The Roche PD Mobile Application v2 was designed to measure the severity of early PD core motor signs and to provide information complementary to established clinical outcome measures. This remote monitoring approach enables high-frequency (i.e. daily) assessments with low average daily burden. The frequent measurement coupled with the high sensitivity of smartphone/smartwatch sensors may increase signal-to-noise of digital outcome measures for clinical research and provide novel insights into patients’ functioning in daily life.
Baseline Roche PD Mobile Application v2 data from 316 dopaminergic-treatment-naïve individuals recently diagnosed with dopamine transporter imaging with single-photon emission computed tomography-confirmed PD (Hoehn and Yahr Stages I–II, diagnosis ≤ 2 years) were analyzed (see Table 2 for demographic and clinical characteristics, and Supplementary Table 6 for non-parametric descriptive statistics). All individuals were enrolled in an ongoing randomized, double-blind, placebo-controlled, Phase II clinical trial (PASADENA Part 1; NCT03100149) of prasinezumab (RO7046015/PRX002), an anti-α-synuclein monoclonal antibody (see Pagano et al. 2021)64.
All of the 59 PASADENA sites received approval from their institutional review boards or ethics committees and collected data used for the present analyses, and written informed consent was provided by all participants. The study is being conducted in accordance with the Declaration of Helsinki and the International Conference on Harmonization Guidelines for Good Clinical Practice.
Roche PD Mobile Application v2
The Roche PD Mobile Application v2 consists of dedicated applications installed on a provisioned smartphone and smartwatch (see Fig. 1). The PD Mobile Application prompted participants to perform the active tests described below. All unilateral tests were performed twice, once with each side of the body.
Draw A Shape37 participants were instructed to trace six different shapes (two diagonal lines [once drawn up, once drawn downwards], and a square, circle, figure of 8, and spiral) on the smartphone screen with their index finger, as quickly and as accurately as possible (timeout: 30 s);
Dexterity participants were instructed to alternately tap two touchscreen buttons with their index finger as quickly and regularly as possible (20 s per hand);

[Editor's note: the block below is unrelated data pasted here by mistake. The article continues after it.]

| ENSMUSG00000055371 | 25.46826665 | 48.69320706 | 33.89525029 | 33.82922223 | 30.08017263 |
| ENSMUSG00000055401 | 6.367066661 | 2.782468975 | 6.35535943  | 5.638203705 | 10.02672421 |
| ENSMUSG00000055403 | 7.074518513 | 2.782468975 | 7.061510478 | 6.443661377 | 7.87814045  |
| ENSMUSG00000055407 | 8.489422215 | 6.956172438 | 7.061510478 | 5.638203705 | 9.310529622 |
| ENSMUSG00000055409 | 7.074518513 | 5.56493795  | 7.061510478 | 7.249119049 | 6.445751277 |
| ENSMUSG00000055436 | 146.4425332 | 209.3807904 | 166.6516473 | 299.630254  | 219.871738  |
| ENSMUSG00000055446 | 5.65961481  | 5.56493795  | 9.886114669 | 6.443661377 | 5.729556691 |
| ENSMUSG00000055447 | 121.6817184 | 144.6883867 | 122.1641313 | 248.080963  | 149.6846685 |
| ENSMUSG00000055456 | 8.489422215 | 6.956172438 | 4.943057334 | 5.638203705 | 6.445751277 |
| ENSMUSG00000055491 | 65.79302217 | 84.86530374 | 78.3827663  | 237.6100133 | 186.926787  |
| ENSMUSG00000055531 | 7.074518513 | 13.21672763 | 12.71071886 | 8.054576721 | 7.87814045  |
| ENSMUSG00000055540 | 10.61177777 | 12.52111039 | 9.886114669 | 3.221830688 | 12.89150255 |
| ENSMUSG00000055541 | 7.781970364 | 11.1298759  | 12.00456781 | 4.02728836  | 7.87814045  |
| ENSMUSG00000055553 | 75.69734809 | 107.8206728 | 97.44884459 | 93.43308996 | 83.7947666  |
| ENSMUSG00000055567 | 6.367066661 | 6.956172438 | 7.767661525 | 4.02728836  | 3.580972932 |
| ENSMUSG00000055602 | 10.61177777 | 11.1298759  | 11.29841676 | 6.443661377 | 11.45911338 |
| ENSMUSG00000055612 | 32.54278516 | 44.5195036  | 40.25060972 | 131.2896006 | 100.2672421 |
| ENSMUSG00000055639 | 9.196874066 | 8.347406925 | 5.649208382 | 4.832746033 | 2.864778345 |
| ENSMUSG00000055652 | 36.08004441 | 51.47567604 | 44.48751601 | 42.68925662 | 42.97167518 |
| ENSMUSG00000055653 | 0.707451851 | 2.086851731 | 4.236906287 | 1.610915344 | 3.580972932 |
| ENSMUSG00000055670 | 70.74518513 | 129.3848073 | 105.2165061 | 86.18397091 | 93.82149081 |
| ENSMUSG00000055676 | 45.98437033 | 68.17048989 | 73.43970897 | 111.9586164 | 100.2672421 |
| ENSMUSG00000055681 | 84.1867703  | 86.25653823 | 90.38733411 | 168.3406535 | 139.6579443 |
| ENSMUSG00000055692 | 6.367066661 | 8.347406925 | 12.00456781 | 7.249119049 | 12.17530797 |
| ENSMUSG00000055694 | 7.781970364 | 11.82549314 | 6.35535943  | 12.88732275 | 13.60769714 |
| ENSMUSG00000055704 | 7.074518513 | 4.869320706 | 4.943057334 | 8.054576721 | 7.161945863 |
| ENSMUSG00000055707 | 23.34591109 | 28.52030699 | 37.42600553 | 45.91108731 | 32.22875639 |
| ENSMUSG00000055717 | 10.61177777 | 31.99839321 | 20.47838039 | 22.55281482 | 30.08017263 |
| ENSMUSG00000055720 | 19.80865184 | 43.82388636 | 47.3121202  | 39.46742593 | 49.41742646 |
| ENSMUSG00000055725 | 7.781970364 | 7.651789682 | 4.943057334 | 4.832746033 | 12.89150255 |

Hand Turning holding the smartphone in the outstretched hand while seated, participants were instructed to rotate the hand as quickly and fully as possible such that the phone faced up and down (10 s per hand);
Speech participants were provided with three open-ended questions, one after the other, and instructed to read each out loud and answer each question out loud (20 s per question);
Phonation participants were instructed to make a single, continuous “aaaah” sound for as long as possible with one breath and in a steady pitch and volume while the phone was held at the ear (timeout: 30 s);
Postural tremor participants were instructed to sit with their eyes closed, and to hold the smartphone in an outstretched hand while counting down out loud from a pre-specified number that differed for each test administration (15 s per hand);
Rest tremor participants were instructed to sit with their eyes closed and to hold the phone in the palm of their hand, with their forearm resting on their thigh, and to count down out loud from a pre-specified number that differed for each test administration (15 s per hand);
Balance while standing with the smartphone in a running belt at waist height with the phone placed at the front of the body, participants were instructed to stand still with their arms at their side (30 s);
U-turn participants were instructed to place the smartphone in a running belt with the phone placed at the front of the body, and to walk between two points at least four steps apart at normal speed, completing at least five turns in 60 s;
eSDMT43 participants were instructed to match a sequence of displayed symbols to the respective numbers using a displayed coding key as quickly and as accurately as possible (90 s).
The Roche PD Mobile Application v2 additionally administered questionnaires, which are not the focus of the present report. For passive monitoring, participants were instructed to carry their smartphone (e.g. in their trouser pocket or in the pouch of a provided running belt) and wear their smartwatch as they conducted the daily active tests and their normal daily activities. No active tests were administered directly via the smartwatch.